Since Armenians found a safe haven here in Lebanon and other Arab countries, following their branding as an “undesirable element” in their ancient, ancestral homelands, the Armenian population has been “branded” as a positive, constructive, industrious, artistically-gifted element in their respective adoptive homes. I can’t count the number of times since I’ve arrived, when people ask my name, they say, “Oh, like the (local) television personality Nishan!” I smile and nod…
|The very first Armenian Genocide monument in Lebanon (erected 1929), showing bullet damage from Lebanon’s civil war (Armenian Apostolic Cemetery, Furn el Shebbak)|
Once upon Ottoman times in Turkey, Armenians were known as the “loyal nation”. They didn’t have aspirations to take over the world – they just wanted to live and flourish in their various locations, whether villages or cities. They dreamed of being able to take a deep breath without being taxed for breathing too much. But Armenians made the mistake of thinking that their overlords would modernize their thinking. Now, a hundred and two years after the Armenian Genocide, and a week after Turkey acquiesced (by only a 51% majority) to its president’s power-grab, the whole world can see how ill-prepared Turkey is to abandon its repressive ways.
But that 49% is a hopeful sign that things are changing in Turkey, albeit slowly. Turkey will continue to jail journalists and beat protesters. It will continue to allow the wanton destruction of Armenian cultural heritage in the eastern “interior” locations (i.e., western Armenia), far from where mainstream media employees like to hang out. Turkey will continue to play with fire, hosting and lending material support to radical movements like the foreign militias who today again (as they did in March 2014) attacked the Syrian-Armenian village of Kessab. Why attack today, and why attack a village where there is no military presence? Why, except to continue the Genocide that they began over a century ago?
It is not outside the realm of possibility that this is a “Happy Armenian Genocide Day” card from Turkey, with a postscript “thank-you” for the release of the motion picture, “The Promise,” this weekend. If, as Jesus says in John 8.32, "the truth (i.e., his truth, in its completeness) will set you free," then those who deny the truth are in a prison of their own making. A pathetic, miserable prison. A prison from which those Turkish-sponsored extremists attacked Kessab again today.
|Statues of Armenian orphans seated on the ground with their food bowls, outside the Bezikian Orphans’ Museum at the “Birds’ Nest” Orphanage in Jbeil (Byblos)|
Yet, the more inflamed with denialism the Turkish leadership and their radicalized citizens become, the clearer Turkey’s picture becomes to their “friends” (like the U.S.). And who knows? Maybe that awareness will translate into action for what is right, and true, and good… but I’m not holding my breath. Every U.S. presidential candidate, pandering to the Armenian constituency, has made the promise to call it a “Genocide”, and, once elected, they have all (except for Pres. Reagan) broken that promise, for reasons they find justifiable. And so, people groups, their languages and their cultures continue to be destroyed. And not just Armenians, either.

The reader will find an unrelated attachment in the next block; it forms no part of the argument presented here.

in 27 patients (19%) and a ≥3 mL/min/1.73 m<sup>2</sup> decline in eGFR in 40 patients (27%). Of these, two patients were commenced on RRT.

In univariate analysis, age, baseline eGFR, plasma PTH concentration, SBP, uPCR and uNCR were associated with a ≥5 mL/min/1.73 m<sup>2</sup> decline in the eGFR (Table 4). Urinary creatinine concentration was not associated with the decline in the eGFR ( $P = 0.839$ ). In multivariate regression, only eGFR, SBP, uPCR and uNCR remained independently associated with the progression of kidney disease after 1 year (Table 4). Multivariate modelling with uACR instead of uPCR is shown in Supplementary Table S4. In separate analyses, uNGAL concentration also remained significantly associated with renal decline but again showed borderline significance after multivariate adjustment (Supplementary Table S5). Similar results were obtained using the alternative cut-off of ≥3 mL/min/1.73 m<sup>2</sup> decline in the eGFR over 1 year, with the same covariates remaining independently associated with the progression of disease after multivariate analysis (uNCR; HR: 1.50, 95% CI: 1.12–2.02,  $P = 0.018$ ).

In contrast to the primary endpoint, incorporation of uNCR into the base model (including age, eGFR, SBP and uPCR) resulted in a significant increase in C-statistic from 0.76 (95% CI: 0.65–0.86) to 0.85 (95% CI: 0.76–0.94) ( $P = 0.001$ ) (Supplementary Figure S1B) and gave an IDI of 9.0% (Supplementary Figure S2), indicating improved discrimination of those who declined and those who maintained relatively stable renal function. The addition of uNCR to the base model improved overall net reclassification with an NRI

Maria and I went to a cinema in Ashrafieh (Beirut) this weekend to see “The Promise,” currently playing throughout Lebanon. It is worth seeing, whether by someone completely uninformed about the subject, or by people like us, for whom the narrative was a painful reminder of a history we know all too well. It weaves through its dramatic story-line vignettes of actual events and persons. One of the most powerful aspects of the story was how the main character Mikael was determined to keep his promise to his betrothed, to his home village, and to his people. Do yourself a favor; go see it.
|LebCat 3 has expensive taste in cars (1 Mar. 2017)|
Tomorrow morning, April 24, the entire Lebanese Armenian community will gather in the various churches of their various denominations to observe this somber anniversary. In the evening there will be a joint rally (organized by the three Armenian political parties) at Martyrs’ Square in the center of Beirut. Non-Armenian Lebanese will take note of how many Armenian businesses there are, because they will be shuttered tomorrow in observance of the day, and most (though not all) Lebanese will comment on how much the Armenian community has contributed to the well-being of Lebanon. Armenians have indeed been fortunate in Arab countries to maintain their Armenian identity while giving back to the places that welcomed them after the Genocide. It’s quite a different experience and a different outcome than where I grew up, with Armenians forever teetering on the edge of the “melting pot”.
My next post will be something lighter. I promise. [LNB]